By Ernest Gurulé
When the 4:30 a.m. alarm goes off at the Casillas home, much of the city is still asleep. But work at Globeville’s Panadería Emmanuel awaits, and co-owner Daniel Casillas needs to get there to prep for a morning rush, one that regularly has people backed up at the counter or waiting for a space to open up in the eating area. It gets busy.
Casillas and his wife, Julia, have run this food stop/grocery store at 500 E. 45th Ave. since 2018, but the business was a Globeville landmark long before that. The couple simply took over the business from Daniel’s parents, who opened it 20 years earlier a few blocks away on Washington Street.
“My mother-in-law wanted to retire,” said Julia Casillas. While the pair regularly helped out at the panadería, they weren’t looking to take it over. Each had other jobs and wasn’t trying to change careers. But after talking about it, Julia said, it just made sense.
“It was an established restaurant,” she said, “and we didn’t have to put in the long hours to get it off and running.” So, Daniel resigned his job as a school security officer, while she left her job as a schoolteacher. Eight years later, there are no regrets.
“I miss it (teaching),” she said. “But I really do believe we made the right choice for our family.”
The restaurant/panadería, which sits just off of I-70 at the Washington Street exit, lights up the old neighborhood. Once off the highway and a quick right turn on 45th Street, there it sits. You can’t miss it. On gray days, its colorful exterior, which is highlighted with a full-scale mural on its west-facing wall, adds a brilliant splash of color to the neighborhood.
Walking through the front doors, you can tell this is the “go-to” place in the area. Standing in line, waiting to order or pay, are locals, hardhat workers and police officers. Most walk out with a pastry and coffee or breakfast burrito. Others who have the time make themselves comfortable in the airy dining room as they eat their breakfasts. Weekends are even busier, and the menudo, a traditional Mexican soup made with tripe (cow stomach), goes fast.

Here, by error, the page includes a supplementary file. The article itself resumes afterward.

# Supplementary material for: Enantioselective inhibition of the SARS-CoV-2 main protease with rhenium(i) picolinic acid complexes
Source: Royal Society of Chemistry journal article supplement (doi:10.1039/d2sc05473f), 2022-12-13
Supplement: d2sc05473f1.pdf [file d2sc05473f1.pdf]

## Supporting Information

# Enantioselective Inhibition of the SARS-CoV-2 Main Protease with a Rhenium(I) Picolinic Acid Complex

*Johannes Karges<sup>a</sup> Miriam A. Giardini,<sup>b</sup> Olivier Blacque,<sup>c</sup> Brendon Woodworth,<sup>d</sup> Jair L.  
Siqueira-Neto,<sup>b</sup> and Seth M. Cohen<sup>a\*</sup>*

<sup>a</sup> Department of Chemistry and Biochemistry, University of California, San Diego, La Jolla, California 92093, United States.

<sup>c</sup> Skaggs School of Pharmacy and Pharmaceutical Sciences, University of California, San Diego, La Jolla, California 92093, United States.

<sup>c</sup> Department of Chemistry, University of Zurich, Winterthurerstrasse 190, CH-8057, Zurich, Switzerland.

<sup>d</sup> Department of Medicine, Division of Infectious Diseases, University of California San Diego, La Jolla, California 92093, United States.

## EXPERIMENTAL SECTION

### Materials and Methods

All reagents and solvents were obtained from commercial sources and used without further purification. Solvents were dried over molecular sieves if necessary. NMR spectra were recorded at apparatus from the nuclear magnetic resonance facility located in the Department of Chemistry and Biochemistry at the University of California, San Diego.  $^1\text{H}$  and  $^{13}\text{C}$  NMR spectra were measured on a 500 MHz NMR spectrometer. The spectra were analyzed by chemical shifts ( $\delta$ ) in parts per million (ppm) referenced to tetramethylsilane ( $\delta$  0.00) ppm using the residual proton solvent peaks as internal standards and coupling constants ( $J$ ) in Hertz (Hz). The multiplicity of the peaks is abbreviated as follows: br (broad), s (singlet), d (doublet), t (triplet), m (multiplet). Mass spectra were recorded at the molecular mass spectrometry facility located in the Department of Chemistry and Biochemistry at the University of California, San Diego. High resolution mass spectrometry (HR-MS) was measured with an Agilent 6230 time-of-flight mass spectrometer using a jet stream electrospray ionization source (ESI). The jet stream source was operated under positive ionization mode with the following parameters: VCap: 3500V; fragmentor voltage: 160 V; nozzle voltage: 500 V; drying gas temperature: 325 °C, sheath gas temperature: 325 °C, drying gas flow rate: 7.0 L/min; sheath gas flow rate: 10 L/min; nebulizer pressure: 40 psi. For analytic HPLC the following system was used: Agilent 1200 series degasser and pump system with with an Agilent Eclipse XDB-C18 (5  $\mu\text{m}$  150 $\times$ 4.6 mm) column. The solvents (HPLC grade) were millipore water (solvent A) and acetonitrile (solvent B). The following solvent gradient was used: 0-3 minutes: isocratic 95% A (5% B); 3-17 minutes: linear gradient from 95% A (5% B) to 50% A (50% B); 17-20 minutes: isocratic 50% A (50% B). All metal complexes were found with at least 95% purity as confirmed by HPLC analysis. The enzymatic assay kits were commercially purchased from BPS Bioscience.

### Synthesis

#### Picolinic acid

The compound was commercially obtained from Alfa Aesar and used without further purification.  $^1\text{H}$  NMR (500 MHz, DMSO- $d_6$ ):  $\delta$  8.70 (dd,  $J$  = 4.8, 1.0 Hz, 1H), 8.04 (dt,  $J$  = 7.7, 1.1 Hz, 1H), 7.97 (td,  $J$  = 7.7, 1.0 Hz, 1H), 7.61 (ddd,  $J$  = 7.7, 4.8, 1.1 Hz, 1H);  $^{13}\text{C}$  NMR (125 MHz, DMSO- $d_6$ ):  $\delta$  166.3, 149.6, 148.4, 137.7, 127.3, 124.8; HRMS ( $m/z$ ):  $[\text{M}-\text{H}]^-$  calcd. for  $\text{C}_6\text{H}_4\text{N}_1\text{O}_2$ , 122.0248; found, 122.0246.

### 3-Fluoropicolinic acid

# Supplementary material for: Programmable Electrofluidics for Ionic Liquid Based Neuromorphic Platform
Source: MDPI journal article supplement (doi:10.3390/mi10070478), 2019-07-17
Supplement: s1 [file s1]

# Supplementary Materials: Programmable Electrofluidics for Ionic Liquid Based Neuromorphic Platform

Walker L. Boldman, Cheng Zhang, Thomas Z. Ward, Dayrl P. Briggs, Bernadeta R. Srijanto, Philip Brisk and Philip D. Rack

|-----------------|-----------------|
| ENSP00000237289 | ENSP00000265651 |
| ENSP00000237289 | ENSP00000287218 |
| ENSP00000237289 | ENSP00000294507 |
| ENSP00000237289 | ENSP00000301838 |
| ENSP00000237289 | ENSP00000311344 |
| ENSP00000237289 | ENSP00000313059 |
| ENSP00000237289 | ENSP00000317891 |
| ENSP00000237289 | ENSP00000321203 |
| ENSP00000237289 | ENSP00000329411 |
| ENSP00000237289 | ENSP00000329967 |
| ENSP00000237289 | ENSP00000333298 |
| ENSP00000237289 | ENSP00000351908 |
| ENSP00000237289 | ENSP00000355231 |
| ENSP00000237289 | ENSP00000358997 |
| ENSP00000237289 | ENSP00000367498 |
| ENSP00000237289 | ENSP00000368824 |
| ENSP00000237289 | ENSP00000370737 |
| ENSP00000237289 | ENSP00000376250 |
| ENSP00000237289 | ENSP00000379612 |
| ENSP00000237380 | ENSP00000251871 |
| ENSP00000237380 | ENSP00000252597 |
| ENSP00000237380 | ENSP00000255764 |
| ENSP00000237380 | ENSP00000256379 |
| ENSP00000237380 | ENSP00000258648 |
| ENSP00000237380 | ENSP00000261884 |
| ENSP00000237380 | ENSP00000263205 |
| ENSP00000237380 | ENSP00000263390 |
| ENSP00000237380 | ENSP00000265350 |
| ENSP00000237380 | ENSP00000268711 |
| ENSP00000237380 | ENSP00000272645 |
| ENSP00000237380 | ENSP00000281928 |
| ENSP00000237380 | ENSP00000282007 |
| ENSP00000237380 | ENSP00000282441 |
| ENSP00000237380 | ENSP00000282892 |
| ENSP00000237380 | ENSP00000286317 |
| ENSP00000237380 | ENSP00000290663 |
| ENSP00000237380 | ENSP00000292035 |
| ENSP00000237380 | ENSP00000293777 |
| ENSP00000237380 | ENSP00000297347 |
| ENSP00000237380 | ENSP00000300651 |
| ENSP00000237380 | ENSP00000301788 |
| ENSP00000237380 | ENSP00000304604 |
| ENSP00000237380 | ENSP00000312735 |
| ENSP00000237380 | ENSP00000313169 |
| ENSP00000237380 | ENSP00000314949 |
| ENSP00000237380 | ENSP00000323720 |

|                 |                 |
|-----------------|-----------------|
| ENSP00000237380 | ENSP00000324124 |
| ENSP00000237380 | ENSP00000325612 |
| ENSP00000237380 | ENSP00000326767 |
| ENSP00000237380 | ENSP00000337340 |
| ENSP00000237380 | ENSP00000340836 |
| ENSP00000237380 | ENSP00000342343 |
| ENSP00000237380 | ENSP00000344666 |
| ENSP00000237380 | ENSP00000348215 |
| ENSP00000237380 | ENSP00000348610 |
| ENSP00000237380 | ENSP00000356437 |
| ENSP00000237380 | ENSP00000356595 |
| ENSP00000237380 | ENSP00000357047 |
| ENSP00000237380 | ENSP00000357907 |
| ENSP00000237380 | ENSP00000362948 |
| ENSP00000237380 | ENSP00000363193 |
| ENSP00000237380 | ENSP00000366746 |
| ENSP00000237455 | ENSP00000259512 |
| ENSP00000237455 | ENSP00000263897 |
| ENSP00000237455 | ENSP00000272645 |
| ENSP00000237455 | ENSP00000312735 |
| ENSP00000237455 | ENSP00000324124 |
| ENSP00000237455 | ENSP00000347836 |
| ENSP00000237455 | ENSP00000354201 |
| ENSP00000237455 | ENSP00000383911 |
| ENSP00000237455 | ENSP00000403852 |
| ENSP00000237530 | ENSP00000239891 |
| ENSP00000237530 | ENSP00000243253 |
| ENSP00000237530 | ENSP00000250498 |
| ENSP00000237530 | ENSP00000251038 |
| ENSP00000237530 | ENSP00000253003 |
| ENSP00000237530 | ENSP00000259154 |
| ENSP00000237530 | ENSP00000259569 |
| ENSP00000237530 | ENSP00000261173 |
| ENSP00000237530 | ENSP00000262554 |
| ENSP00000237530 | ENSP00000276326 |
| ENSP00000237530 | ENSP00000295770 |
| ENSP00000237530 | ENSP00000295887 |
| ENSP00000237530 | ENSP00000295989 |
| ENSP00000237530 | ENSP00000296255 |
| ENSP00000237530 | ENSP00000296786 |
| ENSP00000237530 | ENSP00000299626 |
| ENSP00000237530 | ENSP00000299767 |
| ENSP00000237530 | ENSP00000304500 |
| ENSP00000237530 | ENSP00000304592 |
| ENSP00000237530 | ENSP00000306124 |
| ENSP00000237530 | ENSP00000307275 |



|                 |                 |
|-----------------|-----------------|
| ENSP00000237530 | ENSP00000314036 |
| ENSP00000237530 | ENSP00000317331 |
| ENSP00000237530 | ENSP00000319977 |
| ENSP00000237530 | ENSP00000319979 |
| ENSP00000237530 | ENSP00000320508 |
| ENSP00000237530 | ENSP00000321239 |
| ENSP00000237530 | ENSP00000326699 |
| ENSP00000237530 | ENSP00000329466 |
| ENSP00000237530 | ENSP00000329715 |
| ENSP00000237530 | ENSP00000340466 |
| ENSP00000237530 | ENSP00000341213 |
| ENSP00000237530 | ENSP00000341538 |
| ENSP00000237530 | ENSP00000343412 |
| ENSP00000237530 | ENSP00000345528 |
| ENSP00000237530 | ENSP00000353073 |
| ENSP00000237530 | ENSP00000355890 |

“It’s our specialty,” said Julia. Well, it’s actually her in-laws’ specialty. They brought it with them from Jalisco, the Mexican town they left back in the 1980s. But Julia Casillas and her husband have been true to the recipe and, judging from a regular Sunday crowd, things have worked out well.
Menudo’s not for everyone. Especially if it’s not prepared carefully.
“It’s the way we clean it,” said Julia. “We triple clean it. And we have a special herb that we put into the pot, and that’s what helps with the smell.”
The approach seems to work. At $14 a bowl, it regularly sells out.
The baked goods, Daniel’s specialty and the craft learned from his father, also go fast. Behind the glass case, there are dozens of trays with conchas, pan dulce, frosted cakes and a variety of cookies. Just scanning the possibilities can be fattening, said Julia.
“I’m more a salty, savory person,” she said. “I do enjoy them, but I would rather have a bag of chips.”
The complexion of the neighborhood is changing, as attested by a young White couple making a Sunday morning bakery order. While Globeville remains a mostly deep-rooted Latino community, lower rents and housing availability are getting attention.
Speculators, said Julia, are eyeing the business and the neighborhood.
“There have been offers. My mother-in-law gets them,” Julia said. “But it’s not for sale … we’re committed to the store.”
They’re also committed to the community.
Customers have put their trust in the Casillas family to the extent that they sometimes get calls asking them to make a welfare check on a friend or family member they haven’t heard from in a while. They make the check. Also, said Julia, “there’s a lot of old people who’ve lived here forever. You worry about them.”
The restaurant is like the community’s connective tissue. Also, for some customers, a helping hand.
Julia tells the story of a caregiver who would get her client’s groceries. “Just some eggs, cheese, tortillas,” she said. But they were running short on cash. Julia understood. A few weeks later, she said, the caregiver would come in with a blank check. “I would write the check out for her,” and close the books. It’s that kind of place.
Covid was tough for the pair. Supply chain problems and economic bumps led the Casillases to reluctantly raise prices. Customers understood, Julia said. But the virus also changed their business model.
“We cut our hours,” she said. It’s still a seven-day operation. But time with their children became a lot more important. Daniel works every day; Julia has cut back, but stays busy with their 10-year-old twins. Their daughter is in ballet, their son is in soccer.
The Casillases said their business, their children and extended family give them balance.
“We’re OK like this,” Julia said. “We’re still paying our bills and employees.”
And cutting back a little has been a boon for their family. Panadería Emmanuel, she said, isn’t going anywhere.